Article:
Secondly, and even more importantly, bad fad diets can actively deprive you of key vitamins and minerals that your body needs in order to be healthy.
For example, you can end up with little to no protein or not enough iron, leading to muscle wastage or low energy.
In contrast to fad diets, healthy diets can be sustained for life and make sure you get everything you need. But what exactly makes a diet healthy?
The ideal average intake of calories each day will vary, but most people need about 2,000 per day in order to thrive.
However, to maintain a healthy diet, you also need a balance in your daily meals. For example, you should aim to include the following (along with water!):
Protein: Protein is well-known for its importance in workouts, as it helps to build muscle.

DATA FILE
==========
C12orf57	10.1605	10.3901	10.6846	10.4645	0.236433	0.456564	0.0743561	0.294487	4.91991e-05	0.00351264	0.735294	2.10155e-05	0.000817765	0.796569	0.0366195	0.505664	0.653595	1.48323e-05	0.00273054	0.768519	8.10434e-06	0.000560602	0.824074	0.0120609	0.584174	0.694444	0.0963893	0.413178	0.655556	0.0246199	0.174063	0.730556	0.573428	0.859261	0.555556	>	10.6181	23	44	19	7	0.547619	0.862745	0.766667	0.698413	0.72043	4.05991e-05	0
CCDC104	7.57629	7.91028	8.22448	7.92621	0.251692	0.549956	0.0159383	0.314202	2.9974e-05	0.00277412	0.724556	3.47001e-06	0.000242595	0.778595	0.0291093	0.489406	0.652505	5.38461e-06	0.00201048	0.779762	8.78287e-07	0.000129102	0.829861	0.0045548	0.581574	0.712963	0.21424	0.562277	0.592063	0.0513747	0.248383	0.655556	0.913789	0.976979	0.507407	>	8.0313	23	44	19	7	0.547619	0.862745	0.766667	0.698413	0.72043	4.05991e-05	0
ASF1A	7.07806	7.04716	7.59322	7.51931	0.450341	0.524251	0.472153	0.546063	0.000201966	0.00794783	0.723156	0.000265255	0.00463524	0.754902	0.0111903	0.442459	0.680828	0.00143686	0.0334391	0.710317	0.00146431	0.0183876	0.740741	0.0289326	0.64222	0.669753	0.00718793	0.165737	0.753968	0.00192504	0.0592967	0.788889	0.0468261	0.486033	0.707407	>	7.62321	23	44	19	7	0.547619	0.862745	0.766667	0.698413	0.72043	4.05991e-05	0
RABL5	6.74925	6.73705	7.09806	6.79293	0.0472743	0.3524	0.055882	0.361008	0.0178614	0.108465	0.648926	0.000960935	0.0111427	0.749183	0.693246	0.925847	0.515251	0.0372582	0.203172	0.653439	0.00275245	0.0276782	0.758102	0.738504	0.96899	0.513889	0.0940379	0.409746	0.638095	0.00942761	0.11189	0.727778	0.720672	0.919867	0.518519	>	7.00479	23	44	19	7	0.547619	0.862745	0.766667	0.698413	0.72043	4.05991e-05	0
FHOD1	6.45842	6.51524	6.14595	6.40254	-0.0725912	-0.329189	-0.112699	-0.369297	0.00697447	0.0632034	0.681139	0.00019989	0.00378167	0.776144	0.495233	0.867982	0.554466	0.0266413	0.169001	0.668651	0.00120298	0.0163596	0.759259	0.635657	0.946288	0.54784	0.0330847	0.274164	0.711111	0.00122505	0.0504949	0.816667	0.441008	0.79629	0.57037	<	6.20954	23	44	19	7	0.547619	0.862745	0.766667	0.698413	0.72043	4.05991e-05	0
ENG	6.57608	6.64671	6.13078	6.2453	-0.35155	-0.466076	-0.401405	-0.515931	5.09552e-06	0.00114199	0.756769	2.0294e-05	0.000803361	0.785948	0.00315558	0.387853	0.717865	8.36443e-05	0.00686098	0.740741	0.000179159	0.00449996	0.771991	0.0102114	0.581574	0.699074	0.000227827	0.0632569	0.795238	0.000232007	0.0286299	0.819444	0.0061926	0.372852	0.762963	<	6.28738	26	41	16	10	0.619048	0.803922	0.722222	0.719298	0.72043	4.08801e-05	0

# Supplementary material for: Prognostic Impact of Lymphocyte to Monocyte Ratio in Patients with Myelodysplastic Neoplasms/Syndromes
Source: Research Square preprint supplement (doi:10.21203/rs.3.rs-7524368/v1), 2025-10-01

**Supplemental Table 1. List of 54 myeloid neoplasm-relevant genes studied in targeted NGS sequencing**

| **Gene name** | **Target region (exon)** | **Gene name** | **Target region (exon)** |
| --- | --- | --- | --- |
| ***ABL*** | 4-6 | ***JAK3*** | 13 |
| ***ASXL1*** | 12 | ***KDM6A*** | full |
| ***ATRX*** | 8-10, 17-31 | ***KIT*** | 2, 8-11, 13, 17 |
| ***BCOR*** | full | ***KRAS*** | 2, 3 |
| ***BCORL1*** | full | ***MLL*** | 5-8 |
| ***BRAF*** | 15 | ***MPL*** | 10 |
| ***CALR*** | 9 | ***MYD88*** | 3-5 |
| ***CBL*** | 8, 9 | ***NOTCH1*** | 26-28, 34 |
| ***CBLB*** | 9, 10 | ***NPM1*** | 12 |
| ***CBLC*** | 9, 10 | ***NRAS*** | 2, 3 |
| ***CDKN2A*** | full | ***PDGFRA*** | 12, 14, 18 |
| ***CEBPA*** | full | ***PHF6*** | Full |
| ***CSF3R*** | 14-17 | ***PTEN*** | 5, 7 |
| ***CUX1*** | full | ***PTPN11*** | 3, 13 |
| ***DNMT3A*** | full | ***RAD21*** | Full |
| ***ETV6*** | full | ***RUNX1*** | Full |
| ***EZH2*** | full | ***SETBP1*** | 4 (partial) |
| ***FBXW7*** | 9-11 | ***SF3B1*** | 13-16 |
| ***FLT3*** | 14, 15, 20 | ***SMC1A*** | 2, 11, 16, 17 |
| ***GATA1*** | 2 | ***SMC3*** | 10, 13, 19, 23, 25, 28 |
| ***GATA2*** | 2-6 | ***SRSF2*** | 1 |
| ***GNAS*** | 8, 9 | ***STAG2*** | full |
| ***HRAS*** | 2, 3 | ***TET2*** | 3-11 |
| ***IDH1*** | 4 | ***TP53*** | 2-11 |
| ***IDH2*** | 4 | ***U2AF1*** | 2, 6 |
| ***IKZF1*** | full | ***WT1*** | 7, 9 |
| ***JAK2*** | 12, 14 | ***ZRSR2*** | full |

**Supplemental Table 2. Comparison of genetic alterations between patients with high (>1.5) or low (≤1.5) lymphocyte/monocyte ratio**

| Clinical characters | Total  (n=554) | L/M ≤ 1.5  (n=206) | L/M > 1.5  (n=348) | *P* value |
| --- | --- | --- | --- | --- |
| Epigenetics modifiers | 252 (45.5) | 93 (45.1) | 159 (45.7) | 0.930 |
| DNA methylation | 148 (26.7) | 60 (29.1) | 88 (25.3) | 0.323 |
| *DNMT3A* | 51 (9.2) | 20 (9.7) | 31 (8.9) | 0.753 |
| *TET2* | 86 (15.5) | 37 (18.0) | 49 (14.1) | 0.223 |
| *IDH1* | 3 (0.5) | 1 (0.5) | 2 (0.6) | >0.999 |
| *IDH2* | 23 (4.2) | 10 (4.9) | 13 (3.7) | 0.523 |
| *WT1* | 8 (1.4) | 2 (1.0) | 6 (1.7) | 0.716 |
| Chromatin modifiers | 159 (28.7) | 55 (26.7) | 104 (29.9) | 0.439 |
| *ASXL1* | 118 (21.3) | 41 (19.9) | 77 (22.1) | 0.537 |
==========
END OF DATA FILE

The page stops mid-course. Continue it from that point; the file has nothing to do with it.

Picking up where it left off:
In truth, we all need it, as it is the basic building block of all of our cells.
Indeed, more than 15% of your total body weight comes from protein, and all of your hormones and antibodies are fueled by protein too.
Carbohydrates: Contrary to low-carb diets, good carbs like those from whole grain foods (rather than refined sugars) are great for you.
They give you long-lasting energy, and your immune system needs them to protect you against disease.
Healthy fats: Fats are high in calories, but heart-healthy ones (e.g., coming from nuts, olive oil, and fish) are vital for cell production, wound healing, and brain function.
Vitamins and minerals: There are 13 key vitamins and minerals you need, including vitamins D, C, A, B6, and B12, and they all contribute to everything from your skin to your vision, your bones, and protecting you against cancer.
With the above in mind, then, what kind of diets should you aim to avoid? How can you tell when you’re looking at a bad diet?
Here’s a list of five of the very worst diets for sustaining overall health, along with explanations of how they can ultimately undermine your well-being.